In the Dīgha,jānu Sutta, accomplishment of diligence leads to the joy of ownership. Isn't "joy of ownership" just clinging onto one's wealth? What do other Buddhist schools say about this?

A possible equivalent to this in Kabbalah is Bread of Shame, defined as not earning what we receive, or in other terms, receiving without giving. Yehuda Berg states, "As the ancient kabbalists teach us, it is part of human nature and the nature of this world that no matter how much is given to us, as long as we are the ones who are receiving and not the ones who are giving, we will always feel Bread of Shame. We will always be the vessel and not the Creator. We will always feel powerless. We will always find someone to blame for our unhappiness." It is said to be the cause of all darkness in the world. Another Stack Exchange user, Ian Taylor, states that it "refers to the fact that unearned attainments are not rewarding the same way that things you work hard for are. Part of noble eightfold path is exerting effort to attaining enlightenment— i.e. YOU must work for it."

While the purpose of both teachings is a bit different, I think the Kabbalastic notion of "bread of shame" wants to make people less selfish by attributing the feeling of shame when just taking for the self alone whereas the Buddhist Sutta reveals how to find joy in one's wealth--both of which stress the importance of effort. But, isn't being stuck in the concept of receiving and giving just another way of saying "I" and "them" - a dualistic notion that shames others or yourself. Also, "working hard for something" is a concept: one can just claim to have worked hard for it, but in reality earning something is a reflection of cultural standard. Someone can work hard but not earn what they deem to be the equivalent of their work. Is that feeling wrong, or should one accept the "joy of ownership"? The concept of earning is only rewarding insofar as it feeds our pride vis-a-vis the notion of achievement, the idea that "I" earned it-- a form of spiritual egoism when enlightenment is "attained."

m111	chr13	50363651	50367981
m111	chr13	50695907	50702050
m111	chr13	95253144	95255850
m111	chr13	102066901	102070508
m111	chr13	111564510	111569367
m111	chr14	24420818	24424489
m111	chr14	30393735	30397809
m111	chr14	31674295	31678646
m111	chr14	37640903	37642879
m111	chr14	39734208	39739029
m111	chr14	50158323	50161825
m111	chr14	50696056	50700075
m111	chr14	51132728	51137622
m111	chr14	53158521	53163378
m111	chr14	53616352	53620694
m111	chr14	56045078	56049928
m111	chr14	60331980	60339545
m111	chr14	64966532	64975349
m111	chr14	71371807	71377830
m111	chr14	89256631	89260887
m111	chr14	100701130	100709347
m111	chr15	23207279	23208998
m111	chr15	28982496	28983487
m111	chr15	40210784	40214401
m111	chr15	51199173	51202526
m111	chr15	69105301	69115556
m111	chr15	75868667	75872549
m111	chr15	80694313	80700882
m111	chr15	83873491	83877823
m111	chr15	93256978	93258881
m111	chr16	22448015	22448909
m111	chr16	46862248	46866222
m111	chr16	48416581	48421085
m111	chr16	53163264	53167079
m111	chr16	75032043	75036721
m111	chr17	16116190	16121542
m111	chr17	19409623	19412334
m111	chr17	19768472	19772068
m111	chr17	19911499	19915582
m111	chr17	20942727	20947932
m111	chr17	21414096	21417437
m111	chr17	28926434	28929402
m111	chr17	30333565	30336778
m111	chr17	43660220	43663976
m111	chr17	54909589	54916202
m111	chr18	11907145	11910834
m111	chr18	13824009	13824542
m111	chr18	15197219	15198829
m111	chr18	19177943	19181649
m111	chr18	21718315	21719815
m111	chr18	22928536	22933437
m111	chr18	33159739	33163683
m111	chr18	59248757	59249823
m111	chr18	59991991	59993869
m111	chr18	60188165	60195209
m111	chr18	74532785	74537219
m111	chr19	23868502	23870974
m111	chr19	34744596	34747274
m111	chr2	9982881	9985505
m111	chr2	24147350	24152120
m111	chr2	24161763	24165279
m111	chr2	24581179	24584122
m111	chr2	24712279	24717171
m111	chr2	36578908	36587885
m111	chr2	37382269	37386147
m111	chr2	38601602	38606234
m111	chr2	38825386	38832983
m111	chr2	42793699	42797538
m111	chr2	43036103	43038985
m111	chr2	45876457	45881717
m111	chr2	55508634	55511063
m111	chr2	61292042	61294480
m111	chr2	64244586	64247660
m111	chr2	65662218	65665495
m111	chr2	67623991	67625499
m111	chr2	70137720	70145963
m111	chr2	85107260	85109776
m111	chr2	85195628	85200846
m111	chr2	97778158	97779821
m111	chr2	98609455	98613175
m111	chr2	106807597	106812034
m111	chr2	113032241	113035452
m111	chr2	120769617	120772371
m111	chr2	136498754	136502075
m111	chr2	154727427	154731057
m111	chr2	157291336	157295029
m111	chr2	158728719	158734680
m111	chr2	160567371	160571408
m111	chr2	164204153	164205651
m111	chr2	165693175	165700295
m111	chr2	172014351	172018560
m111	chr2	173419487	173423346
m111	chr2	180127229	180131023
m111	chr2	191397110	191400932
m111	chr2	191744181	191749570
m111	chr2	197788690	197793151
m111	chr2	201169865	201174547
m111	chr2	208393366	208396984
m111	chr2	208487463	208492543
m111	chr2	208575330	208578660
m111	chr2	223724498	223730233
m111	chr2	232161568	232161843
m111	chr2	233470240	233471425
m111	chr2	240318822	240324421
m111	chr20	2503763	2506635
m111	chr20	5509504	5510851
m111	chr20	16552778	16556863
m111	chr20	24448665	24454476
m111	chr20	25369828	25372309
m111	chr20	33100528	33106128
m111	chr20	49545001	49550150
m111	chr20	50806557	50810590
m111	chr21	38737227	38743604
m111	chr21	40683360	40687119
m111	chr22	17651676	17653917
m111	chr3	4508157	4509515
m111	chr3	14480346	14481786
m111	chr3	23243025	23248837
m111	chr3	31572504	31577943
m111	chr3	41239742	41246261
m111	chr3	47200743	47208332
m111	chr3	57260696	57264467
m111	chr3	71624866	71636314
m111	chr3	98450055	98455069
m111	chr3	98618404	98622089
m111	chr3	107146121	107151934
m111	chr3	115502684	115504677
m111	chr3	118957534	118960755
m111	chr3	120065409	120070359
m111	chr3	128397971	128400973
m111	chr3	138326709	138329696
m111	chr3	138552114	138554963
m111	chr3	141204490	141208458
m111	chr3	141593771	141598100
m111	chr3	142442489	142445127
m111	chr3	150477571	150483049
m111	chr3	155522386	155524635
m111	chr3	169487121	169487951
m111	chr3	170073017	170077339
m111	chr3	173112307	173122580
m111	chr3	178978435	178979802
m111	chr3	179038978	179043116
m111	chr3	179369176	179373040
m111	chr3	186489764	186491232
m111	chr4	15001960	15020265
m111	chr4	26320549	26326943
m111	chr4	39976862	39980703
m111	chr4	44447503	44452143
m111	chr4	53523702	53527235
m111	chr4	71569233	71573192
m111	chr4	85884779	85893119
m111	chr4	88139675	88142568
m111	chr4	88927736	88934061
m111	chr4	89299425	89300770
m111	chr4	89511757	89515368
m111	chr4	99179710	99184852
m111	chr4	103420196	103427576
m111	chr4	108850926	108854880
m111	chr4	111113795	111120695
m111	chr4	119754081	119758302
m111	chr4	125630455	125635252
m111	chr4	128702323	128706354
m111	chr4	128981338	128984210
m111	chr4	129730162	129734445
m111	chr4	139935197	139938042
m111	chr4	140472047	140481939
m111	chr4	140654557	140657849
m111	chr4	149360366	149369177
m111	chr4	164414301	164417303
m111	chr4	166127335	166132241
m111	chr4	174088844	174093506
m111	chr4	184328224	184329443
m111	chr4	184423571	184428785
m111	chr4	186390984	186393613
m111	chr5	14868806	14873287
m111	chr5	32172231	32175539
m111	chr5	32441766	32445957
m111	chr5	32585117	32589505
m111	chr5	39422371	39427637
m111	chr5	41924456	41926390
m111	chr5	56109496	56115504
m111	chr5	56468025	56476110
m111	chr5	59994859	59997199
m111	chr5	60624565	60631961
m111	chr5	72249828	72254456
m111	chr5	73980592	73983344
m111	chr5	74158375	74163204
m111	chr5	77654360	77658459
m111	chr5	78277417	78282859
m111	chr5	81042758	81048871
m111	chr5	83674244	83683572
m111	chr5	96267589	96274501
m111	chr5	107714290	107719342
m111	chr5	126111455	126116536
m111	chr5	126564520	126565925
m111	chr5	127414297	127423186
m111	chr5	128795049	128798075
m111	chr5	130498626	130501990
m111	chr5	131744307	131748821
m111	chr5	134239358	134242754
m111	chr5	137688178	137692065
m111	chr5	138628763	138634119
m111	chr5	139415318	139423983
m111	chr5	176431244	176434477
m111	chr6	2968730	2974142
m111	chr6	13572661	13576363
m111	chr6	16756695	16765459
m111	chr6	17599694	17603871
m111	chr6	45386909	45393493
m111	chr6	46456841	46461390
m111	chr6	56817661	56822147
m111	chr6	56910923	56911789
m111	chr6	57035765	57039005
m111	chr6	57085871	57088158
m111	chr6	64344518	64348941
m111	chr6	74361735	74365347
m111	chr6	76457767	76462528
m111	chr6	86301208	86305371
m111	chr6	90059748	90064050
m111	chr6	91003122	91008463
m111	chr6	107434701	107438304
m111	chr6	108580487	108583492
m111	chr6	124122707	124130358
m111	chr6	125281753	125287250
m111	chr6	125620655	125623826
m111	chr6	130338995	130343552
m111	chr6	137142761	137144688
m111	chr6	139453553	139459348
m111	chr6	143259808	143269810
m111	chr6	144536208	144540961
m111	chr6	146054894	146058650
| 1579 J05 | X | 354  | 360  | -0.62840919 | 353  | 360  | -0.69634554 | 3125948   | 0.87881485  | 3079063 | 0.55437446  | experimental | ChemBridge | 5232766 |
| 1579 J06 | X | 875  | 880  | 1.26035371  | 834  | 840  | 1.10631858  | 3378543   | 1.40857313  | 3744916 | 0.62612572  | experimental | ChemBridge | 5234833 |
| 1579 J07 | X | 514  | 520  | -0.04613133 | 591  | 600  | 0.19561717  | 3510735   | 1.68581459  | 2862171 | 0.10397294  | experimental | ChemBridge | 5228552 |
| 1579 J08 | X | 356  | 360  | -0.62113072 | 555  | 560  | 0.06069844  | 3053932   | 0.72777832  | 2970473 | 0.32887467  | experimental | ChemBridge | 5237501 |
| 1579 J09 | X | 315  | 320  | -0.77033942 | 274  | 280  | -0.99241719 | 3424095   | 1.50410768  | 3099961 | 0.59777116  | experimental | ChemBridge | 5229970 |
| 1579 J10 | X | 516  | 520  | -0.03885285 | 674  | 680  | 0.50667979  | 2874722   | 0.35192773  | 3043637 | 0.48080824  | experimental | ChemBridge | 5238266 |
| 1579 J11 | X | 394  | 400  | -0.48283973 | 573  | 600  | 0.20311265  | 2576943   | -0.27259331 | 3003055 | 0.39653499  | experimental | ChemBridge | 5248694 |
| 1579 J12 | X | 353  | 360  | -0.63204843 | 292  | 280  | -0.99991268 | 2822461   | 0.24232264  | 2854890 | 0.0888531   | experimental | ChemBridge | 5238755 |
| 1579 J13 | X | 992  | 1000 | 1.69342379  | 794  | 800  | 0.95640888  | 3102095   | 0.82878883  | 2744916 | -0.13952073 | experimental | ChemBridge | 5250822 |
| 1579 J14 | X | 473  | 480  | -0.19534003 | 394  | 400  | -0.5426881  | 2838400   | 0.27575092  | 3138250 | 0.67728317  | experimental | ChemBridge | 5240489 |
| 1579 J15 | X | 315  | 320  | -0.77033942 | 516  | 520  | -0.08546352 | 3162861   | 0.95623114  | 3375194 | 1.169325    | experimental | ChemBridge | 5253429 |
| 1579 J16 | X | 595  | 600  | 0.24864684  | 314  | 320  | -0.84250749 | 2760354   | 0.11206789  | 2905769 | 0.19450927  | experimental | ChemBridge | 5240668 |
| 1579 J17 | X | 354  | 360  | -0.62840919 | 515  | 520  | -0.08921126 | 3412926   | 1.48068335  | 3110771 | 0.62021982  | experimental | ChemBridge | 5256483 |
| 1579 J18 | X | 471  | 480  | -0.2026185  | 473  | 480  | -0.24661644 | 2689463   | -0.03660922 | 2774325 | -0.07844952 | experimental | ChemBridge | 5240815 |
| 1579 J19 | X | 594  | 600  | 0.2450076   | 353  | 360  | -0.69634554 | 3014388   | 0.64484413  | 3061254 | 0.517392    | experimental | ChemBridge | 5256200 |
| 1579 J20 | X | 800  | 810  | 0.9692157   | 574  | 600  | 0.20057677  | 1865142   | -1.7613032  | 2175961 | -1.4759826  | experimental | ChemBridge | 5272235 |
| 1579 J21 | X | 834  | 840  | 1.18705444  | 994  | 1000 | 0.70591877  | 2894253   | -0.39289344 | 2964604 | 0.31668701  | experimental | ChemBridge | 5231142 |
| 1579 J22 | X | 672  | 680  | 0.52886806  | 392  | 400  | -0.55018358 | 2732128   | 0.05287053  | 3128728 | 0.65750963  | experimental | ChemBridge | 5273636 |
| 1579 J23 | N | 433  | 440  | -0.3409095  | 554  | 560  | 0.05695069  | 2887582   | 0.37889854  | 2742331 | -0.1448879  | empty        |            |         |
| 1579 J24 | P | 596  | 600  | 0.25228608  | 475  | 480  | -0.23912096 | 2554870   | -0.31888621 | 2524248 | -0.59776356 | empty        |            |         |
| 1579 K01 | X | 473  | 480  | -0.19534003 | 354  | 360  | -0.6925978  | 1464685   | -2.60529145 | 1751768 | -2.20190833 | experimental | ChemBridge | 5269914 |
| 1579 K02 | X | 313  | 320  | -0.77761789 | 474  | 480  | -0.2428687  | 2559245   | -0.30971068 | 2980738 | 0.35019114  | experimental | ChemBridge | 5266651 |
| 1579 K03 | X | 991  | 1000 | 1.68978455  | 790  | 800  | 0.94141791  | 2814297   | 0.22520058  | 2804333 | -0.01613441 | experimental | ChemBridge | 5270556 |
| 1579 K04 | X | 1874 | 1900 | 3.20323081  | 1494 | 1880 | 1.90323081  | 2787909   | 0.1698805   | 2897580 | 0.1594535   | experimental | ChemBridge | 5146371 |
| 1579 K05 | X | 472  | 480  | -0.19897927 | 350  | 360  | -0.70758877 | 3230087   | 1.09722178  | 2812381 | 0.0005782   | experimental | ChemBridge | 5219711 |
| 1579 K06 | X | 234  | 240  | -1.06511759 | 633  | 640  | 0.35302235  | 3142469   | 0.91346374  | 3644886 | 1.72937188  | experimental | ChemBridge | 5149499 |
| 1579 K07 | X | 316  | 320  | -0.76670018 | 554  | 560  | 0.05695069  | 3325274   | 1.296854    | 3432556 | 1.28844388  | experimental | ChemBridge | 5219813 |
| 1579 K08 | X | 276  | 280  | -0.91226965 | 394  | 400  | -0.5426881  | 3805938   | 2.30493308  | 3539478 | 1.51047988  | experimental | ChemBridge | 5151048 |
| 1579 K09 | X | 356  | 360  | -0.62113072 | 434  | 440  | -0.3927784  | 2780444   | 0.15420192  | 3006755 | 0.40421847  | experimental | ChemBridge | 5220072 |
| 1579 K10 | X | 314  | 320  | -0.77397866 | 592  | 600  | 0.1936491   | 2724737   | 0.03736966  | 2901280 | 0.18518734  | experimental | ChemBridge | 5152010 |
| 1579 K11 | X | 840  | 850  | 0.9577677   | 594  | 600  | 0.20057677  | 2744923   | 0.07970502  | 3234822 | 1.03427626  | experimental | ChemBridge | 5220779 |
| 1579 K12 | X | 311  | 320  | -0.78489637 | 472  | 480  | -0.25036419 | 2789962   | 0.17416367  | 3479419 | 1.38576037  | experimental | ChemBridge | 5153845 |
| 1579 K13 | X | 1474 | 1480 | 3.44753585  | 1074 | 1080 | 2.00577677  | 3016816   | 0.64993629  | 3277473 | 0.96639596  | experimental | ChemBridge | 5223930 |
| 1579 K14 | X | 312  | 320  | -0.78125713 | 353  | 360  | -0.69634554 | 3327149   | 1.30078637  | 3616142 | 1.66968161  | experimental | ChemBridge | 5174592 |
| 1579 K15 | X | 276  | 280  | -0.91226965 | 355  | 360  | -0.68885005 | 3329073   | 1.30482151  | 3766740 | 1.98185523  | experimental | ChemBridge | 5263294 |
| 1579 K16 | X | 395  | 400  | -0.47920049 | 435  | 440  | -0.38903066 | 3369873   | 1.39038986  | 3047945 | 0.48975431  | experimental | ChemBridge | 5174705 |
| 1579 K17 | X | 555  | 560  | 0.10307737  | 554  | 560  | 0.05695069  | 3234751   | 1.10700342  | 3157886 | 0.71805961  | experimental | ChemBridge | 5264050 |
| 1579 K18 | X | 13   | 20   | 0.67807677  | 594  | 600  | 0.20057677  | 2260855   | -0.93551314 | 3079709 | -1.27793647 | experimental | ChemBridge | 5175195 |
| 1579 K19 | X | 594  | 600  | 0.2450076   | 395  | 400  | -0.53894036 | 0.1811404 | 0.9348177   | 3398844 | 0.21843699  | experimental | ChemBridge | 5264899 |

• Perhaps there are not many people on this site who can answer a question about the Kabbalah. So you might like to reword this question (especially the title) to ask more specifically about what's said in the Dīgha,jānu Sutta -- unless the comparison is the only bit that interests you -- but the questions in the text (e.g. about "joy of ownership") seem to me to be stand-alone questions (that might be answered by someone who doesn't know the Kabbalah).
    – ChrisW
    Oct 22, 2018 at 14:08
  • 1